‘Forever Chemicals’ Pose Bigger Health Risk Than First Thought: EPA

Posted on Jun 17, 2022

The article below, published in WebMD on June 16, demonstrates the importance of drinking only water that is known to be free from PFAS. Consuming water that is regularly tested for all contaminants and inspected annually at the bottling and source levels appears to be more important than ever, now that the EPA has dramatically lowered the acceptable levels of certain chemicals down to “parts per quadrillion.” The problem appears to be that PFAS, among others, do not really decompose, but linger and accumulate in the body “forever,” creating a health hazard over time.

The solution is natural spring water or other bottled water that is proven to be contaminant-free, right from the container you drink it.

Our water gives you the added advantage that it is delivered directly to your home or office, without your having to lug it home from the supermarket.

Think about it: health, convenience, and essentially the same price as water you buy in the store…

See the article below for a better understanding of what has just been uncovered by the EPA and why the government is so concerned.


‘Forever Chemicals’ Pose Bigger Health Risk Than First Thought: EPA

By Leigha Tierney, Web MD.

June 16, 2022 – It turns out that those so-called “forever chemicals” are worse for human health than previously thought, the U.S. Environmental Protection Agency said this week.
The EPA on Wednesday announced four new drinking water advisory limits for chemicals in the perfluoroalkyl and polyfluoroalkyl family, commonly known as PFAS. PFAS are lab-made chemicals that have been used for decades in products like cookware and stain-resistant fabrics.

They can also be found in fast-food wrappers, cosmetic products, and drinking water. They are often referred to as “forever chemicals” because they don’t break down easily in nature and can build up in the body over time. PFAS have been linked to thyroid problems, immune system issues, decreased birth weights, and various types of cancer.

In a nutshell, the EPA’s new health advisories say that these chemicals pose health risks even at low levels in drinking water. In the new advisories, the EPA guidelines recommend limited lifetime exposure levels to two of the most common PFAS chemicals known as PFOA (perfluorooctanoic acid) and PFOS (perfluorooctane sulfonate) to near zero, at 0.004 parts per trillion and 0.02 parts per trillion, respectively. This is a drastic reduction from the agency’s 2016 health advisory set at 70 parts per trillion.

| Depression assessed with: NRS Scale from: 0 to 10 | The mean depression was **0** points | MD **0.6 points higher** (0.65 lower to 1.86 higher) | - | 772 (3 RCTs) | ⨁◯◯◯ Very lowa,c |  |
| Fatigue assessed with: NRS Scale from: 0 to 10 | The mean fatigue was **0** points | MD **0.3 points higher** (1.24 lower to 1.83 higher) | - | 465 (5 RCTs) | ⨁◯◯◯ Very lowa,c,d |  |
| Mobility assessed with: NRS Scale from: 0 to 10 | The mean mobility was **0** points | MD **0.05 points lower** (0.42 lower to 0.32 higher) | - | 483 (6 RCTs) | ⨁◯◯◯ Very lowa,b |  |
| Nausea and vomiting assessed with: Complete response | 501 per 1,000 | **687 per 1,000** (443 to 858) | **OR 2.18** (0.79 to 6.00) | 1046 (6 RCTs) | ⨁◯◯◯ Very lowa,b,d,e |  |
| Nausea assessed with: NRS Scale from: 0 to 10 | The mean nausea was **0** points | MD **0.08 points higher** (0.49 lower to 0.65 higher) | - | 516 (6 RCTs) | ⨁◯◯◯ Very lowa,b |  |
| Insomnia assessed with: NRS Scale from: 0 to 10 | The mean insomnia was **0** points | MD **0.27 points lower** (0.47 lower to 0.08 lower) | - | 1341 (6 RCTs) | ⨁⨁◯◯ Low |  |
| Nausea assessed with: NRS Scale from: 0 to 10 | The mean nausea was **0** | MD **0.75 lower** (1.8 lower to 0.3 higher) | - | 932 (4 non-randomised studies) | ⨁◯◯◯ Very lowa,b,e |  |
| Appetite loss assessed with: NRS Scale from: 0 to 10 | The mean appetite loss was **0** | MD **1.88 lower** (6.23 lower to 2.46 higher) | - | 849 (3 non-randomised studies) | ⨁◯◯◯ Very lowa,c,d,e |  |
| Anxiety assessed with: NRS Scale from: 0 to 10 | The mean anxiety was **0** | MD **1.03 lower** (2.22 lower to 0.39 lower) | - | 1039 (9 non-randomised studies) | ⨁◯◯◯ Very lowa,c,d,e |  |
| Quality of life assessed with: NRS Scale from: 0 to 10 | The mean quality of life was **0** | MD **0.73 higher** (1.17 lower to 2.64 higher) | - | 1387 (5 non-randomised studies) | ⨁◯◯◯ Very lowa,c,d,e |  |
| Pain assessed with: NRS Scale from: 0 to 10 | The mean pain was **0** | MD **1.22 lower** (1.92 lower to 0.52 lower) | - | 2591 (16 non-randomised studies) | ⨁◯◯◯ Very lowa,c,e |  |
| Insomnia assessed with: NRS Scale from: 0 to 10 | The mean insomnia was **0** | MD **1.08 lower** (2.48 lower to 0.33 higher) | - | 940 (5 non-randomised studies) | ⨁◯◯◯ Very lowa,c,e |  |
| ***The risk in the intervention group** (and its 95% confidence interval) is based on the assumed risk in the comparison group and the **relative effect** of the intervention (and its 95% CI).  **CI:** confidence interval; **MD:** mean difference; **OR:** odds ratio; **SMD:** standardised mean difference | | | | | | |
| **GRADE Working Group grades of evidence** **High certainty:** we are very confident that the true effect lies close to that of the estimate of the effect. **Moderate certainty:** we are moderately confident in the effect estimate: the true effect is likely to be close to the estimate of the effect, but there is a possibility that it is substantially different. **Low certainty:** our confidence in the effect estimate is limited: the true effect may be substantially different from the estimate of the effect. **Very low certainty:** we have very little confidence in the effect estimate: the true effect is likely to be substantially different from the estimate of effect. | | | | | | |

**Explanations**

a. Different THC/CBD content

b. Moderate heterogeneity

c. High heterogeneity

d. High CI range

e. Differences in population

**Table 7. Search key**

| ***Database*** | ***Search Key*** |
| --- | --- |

The updated advisory levels, which are based on new science and consider lifetime exposure, indicate that some negative health effects may occur with concentrations of PFOA or PFOS in water that are near zero and below EPA’s ability to detect at this time,” the agency said in a news release. “The lower the level of PFOA and PFOS, the lower the risk to public health.”

The levels that the EPA now says are safe are 3,500 times lower than what they originally thought acceptable, USA Today reported.

“People on the front-lines of PFAS contamination have suffered for far too long. That’s why EPA is taking aggressive action to prevent these chemicals from entering the environment and to help protect concerned families from this pervasive challenge,” EPA Administrator Michael Regan said in a statement.

When announcing the new advisories, the EPA also issued first-time health advisories for two additional PFAS compounds — PFBS (perfluorobutane sulfonic acid and its potassium salt) and “GenX” chemicals (hexafluoropropylene oxide dimer acid and its ammonium salt) — which are considered substitutes for PFOA and PFOS.

“The GenX chemicals and PFBS health advisory levels are well above the level of detection, based on risk analyses in recent scientific studies,” agency officials said in the news release.

Although the production of PFOA and PFOS has decreased since 2002, and the CDC estimates that the levels of PFOA and PFOS in blood have decreased between 1999 and 2014, the National Institute of Environmental Health Sciences estimates that nearly all Americans (97%) have some level of PFAS in their blood.

“No one should have to worry about the safety of their drinking water,” said Melanie Benesh, the Environmental Working Group’s legislative attorney, in a statement. “These proposed advisory levels demonstrate that we must move much faster to dramatically reduce exposures to these toxic chemicals.”

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